You can get creative with the mulch you use. As long as it won’t hurt your plants, it’s good to go. Materials like pinecones, eggshells, and stone mulch are good choices.

For really stubborn cats, you can cover the ground with chicken wire. While this isn’t the most practical choice for all yards, it will likely stop cats from digging.


Fences are another way to set up a physical barrier against stray cats. Fences can be effective when used alongside other methods.

There are differing opinions about whether or not electric fences are humane. No matter which camp you belong to, there are still a lot of things that can stop you from buying an electric fence.

There is the hefty price, as well as the time and effort it would take to install. Electric fences may also go against local laws.

Instead of using electric fences, you could modify your existing fence to deter cats. There are ways you can achieve this, including:

  • Attach cut out plastic bottles curved side up on the top edge of your fence. This will remove pipes or the ability of cats to balance on this edge. The flimsier the bottle, the better it will be as a deterrent.
  • Place string or wire 10 to 15 cm above the top edge of the fence. This will also remove the ability of cats to balance on a fence’s top edge.
  • If you are using a chicken wire fence, bend it to the direction cats approach from. Cats are unable to climb this fence because of its arc.

Water-Based Deterrents

Water is a classic way to prevent cats. You can manually spray cats yourself or use a sprinkler system.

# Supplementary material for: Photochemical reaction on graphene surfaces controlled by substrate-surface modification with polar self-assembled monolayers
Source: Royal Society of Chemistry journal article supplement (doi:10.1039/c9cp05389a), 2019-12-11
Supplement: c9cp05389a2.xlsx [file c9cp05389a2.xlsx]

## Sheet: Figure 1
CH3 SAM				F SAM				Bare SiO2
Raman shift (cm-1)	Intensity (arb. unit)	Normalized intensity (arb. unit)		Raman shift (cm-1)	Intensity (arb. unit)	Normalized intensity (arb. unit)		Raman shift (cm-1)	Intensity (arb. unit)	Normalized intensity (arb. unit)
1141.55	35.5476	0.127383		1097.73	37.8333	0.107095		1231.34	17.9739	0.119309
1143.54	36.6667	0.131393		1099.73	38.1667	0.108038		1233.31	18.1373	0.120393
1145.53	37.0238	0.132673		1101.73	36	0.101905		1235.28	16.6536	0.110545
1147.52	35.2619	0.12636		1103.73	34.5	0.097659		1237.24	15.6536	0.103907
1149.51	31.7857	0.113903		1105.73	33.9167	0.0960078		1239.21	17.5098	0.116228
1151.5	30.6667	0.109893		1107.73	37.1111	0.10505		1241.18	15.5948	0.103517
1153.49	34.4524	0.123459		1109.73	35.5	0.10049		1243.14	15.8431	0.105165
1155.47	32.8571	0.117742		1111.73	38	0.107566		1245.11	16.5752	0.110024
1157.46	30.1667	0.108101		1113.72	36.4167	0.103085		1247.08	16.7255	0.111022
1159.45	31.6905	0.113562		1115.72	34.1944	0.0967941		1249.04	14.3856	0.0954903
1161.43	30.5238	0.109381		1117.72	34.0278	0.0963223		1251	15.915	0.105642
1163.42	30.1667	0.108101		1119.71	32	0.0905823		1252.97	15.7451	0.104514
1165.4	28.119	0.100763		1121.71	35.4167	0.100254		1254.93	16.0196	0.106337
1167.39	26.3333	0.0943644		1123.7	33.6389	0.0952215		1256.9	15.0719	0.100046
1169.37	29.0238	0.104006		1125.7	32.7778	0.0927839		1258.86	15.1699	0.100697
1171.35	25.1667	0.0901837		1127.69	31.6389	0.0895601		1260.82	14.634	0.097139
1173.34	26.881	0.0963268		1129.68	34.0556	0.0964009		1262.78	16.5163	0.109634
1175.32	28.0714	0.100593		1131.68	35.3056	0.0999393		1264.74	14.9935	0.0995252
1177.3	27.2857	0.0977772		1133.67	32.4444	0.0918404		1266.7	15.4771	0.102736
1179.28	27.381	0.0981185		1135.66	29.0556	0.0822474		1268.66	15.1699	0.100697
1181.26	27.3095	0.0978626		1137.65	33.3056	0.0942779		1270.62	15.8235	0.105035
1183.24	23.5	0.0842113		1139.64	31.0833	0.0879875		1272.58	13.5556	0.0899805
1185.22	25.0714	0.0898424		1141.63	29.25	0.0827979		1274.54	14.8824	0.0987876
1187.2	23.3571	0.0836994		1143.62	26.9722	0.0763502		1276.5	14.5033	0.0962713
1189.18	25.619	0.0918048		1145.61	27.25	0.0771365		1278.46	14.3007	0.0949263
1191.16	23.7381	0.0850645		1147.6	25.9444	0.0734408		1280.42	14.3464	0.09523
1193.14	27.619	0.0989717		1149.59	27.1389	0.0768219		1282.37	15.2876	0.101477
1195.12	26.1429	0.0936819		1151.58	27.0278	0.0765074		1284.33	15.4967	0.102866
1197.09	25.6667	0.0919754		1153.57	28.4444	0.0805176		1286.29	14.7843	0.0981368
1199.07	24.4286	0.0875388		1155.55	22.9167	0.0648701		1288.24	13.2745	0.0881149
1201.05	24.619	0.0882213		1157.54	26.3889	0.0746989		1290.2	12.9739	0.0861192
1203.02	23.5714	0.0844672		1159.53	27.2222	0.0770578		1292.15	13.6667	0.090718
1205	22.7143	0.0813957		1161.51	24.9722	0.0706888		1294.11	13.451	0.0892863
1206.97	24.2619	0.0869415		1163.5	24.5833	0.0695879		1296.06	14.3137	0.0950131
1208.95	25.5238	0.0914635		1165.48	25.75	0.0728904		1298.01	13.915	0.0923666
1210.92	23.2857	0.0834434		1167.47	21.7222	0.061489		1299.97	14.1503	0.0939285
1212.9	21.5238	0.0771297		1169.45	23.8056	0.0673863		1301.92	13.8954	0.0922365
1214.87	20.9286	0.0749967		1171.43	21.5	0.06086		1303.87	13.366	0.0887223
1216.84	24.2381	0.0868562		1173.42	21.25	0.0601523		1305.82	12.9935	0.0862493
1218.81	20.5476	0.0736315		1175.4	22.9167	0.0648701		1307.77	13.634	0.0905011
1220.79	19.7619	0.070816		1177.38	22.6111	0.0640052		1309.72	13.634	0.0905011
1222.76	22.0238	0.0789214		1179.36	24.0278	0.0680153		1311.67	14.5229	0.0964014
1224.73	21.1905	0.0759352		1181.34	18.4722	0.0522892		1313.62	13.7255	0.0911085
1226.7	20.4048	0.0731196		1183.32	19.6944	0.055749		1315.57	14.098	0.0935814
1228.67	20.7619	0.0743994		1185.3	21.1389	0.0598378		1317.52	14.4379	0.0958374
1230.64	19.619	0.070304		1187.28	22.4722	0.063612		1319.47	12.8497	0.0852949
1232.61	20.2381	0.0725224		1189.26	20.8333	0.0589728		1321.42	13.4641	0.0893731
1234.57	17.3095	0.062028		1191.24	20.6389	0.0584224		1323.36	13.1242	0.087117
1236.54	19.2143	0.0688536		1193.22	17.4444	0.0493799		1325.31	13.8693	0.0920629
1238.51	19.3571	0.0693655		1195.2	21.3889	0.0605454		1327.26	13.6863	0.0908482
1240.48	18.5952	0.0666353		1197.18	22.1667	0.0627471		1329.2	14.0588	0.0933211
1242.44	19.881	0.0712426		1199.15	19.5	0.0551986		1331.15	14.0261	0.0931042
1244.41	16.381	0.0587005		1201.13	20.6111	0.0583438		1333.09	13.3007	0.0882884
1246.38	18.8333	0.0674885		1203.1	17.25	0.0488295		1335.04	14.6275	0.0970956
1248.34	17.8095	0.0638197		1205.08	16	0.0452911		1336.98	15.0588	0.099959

Water Guns

Spraying water on cats is a common way to deter them. Using a hose or water gun can be an effective way to drive away feral cats.

Sprinkler System

For less manual methods, use water sprinklers. If you don’t mind the cost, consider infrared water sprinklers. These sprinklers use infrared to detect movement and will turn on automatically.


Aside from their sense of smell, cats also have a sensitive sense of hearing. There are many brands of ultrasonic cat deterrents on the market. But the question is, do they work?

Ultrasonic Cat Deterrent

A cat deterrent device uses ultrasonic sound to deter animals. It means that it makes sounds at a high frequency. These frequencies can only be heard by cats, and not humans. The theory is that this high-pitched noise is unpleasant to cats.

There isn’t a lot of evidence that points to cat deterrents being particularly effective. In a study published in Global Ecology and Conservation, cat deterrents reduced the number of intrusions and lessened the time cats spent in an area.

However, scientists noted that this wasn’t true for cats that were more likely to roam. Likewise, in a study published in the British Veterinary Association, cats spent more time, instead of less time, in an area with a cat deterrent.

On the other hand, it is still a method that is worth trying, if you are so inclined.

Commercial RepellentsCommercially available odor-based repellentMostly effective, depending on formulation
Homemade SprayA homemade version of an odor-based repellent mixLess effective than commercial repellent
DIY RepellentsOther kitchen staples as an odor-repellentLess effective than commercial repellent
PlantsSome plants have odors that cats do not likeDepends on the plant used
Essential OilsEssential oils of smells that cats do not likeEffectivity depends on the scent used.
Board Up Hiding SpacesClose up any hiding spaces wherein cats can sleep and breedVery effective
Rough Materials As Ground CoverAdd mulch to stop cats from diggingVery effective
FencesAlter fences to be effective against catsVery effective
Water GunsWater is a classic deterrent against catsWill depend on individual cats
Sprinkler SystemAutomate water deterrentsWill depend on individual cats.
Ultrasonic Cat DeterrentA device that emits a high-pitched sound unpleasant to catsNot effective

Stopping Cats from Pooping In Yard